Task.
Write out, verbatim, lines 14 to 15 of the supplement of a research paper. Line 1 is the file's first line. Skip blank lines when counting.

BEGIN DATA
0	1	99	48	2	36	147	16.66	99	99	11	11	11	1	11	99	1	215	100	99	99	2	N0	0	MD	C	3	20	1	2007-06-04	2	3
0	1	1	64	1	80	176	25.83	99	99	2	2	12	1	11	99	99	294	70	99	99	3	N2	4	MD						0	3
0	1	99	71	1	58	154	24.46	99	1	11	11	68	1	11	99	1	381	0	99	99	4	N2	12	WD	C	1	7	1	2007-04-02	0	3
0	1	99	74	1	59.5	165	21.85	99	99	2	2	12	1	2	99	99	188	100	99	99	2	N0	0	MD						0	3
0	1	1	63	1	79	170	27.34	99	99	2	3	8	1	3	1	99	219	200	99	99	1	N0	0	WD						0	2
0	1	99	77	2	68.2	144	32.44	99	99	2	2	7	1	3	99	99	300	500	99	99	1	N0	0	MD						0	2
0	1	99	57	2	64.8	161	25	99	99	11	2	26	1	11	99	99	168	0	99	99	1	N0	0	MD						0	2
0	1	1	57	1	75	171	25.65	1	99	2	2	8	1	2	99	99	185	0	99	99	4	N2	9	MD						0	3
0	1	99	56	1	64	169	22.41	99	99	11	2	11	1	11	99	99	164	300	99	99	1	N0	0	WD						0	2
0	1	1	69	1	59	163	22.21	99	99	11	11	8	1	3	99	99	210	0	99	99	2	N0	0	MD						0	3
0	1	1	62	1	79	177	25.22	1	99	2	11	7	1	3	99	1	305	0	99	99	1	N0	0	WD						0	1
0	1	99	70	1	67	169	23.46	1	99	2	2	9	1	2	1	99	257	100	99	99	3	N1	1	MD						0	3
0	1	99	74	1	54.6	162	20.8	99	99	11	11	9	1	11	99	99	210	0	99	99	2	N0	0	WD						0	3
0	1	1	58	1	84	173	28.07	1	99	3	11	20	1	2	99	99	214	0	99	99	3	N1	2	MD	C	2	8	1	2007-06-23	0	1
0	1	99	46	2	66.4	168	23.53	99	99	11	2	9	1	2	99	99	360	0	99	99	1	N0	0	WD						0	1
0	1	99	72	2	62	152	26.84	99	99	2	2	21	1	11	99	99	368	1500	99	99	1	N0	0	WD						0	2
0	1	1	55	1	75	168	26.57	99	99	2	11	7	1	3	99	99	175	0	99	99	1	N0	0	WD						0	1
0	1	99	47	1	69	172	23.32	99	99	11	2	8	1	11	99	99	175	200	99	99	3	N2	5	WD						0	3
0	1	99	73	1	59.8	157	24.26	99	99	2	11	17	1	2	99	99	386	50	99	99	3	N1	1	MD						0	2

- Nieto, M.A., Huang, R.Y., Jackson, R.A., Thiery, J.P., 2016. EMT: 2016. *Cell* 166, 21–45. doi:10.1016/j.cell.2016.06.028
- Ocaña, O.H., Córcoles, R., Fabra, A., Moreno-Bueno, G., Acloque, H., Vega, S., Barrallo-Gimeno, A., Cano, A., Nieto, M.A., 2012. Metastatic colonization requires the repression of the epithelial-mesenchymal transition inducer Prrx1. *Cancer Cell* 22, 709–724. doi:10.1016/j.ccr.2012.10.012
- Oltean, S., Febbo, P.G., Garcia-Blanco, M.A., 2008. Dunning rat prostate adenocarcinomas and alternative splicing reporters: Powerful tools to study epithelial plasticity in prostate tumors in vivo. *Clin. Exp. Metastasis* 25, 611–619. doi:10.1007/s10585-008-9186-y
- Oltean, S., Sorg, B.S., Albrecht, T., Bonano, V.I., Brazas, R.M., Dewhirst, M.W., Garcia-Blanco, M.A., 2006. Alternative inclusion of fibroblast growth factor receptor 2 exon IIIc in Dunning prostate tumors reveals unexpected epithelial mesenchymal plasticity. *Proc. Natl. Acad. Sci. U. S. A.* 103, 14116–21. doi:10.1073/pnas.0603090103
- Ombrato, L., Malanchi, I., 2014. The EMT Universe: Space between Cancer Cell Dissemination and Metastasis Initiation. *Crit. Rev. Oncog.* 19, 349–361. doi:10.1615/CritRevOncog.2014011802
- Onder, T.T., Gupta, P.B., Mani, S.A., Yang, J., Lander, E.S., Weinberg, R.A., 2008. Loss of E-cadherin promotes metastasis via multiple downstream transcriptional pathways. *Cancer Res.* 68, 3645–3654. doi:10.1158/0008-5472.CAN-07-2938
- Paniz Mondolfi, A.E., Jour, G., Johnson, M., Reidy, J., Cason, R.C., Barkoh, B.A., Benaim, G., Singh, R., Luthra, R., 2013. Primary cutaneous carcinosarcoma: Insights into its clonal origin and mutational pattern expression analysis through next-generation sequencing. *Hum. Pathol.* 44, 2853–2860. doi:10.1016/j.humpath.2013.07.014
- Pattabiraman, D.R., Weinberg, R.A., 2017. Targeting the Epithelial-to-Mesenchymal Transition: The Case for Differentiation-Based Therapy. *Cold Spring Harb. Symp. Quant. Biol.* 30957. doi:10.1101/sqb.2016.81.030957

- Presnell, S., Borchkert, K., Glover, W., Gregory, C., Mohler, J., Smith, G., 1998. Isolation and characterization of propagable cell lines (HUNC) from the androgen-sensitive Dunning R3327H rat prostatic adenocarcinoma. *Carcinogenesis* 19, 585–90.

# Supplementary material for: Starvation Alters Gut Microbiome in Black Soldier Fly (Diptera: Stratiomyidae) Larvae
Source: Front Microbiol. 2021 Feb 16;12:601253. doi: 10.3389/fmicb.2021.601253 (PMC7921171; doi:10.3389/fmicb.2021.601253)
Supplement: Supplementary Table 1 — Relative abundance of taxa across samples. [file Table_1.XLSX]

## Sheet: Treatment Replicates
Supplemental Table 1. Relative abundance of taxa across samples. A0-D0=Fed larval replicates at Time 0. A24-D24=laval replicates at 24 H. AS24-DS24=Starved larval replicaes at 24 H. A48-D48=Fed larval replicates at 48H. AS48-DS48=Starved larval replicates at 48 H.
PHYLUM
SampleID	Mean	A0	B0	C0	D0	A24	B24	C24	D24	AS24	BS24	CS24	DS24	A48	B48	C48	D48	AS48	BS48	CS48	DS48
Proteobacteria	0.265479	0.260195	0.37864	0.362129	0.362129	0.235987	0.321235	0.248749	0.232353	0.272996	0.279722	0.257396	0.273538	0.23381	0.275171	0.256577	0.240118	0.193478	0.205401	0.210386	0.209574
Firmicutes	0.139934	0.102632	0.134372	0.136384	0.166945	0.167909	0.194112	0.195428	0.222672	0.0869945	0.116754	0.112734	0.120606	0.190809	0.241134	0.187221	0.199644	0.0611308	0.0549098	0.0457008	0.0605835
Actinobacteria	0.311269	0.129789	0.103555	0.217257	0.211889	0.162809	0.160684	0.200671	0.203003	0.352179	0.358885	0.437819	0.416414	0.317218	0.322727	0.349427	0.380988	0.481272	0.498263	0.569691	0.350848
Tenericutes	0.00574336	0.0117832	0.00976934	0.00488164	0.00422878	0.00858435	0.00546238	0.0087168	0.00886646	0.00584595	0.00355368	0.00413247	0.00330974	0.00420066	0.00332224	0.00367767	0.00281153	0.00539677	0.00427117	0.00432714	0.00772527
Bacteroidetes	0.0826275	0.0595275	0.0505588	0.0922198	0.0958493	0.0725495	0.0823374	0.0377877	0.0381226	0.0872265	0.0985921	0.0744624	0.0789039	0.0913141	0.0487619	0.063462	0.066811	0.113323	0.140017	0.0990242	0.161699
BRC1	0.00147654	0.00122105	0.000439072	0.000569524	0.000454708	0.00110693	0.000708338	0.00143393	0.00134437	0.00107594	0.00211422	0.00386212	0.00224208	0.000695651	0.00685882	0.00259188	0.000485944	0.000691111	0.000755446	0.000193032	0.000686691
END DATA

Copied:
0	1	1	58	1	84	173	28.07	1	99	3	11	20	1	2	99	99	214	0	99	99	3	N1	2	MD	C	2	8	1	2007-06-23	0	1
0	1	99	46	2	66.4	168	23.53	99	99	11	2	9	1	2	99	99	360	0	99	99	1	N0	0	WD						0	1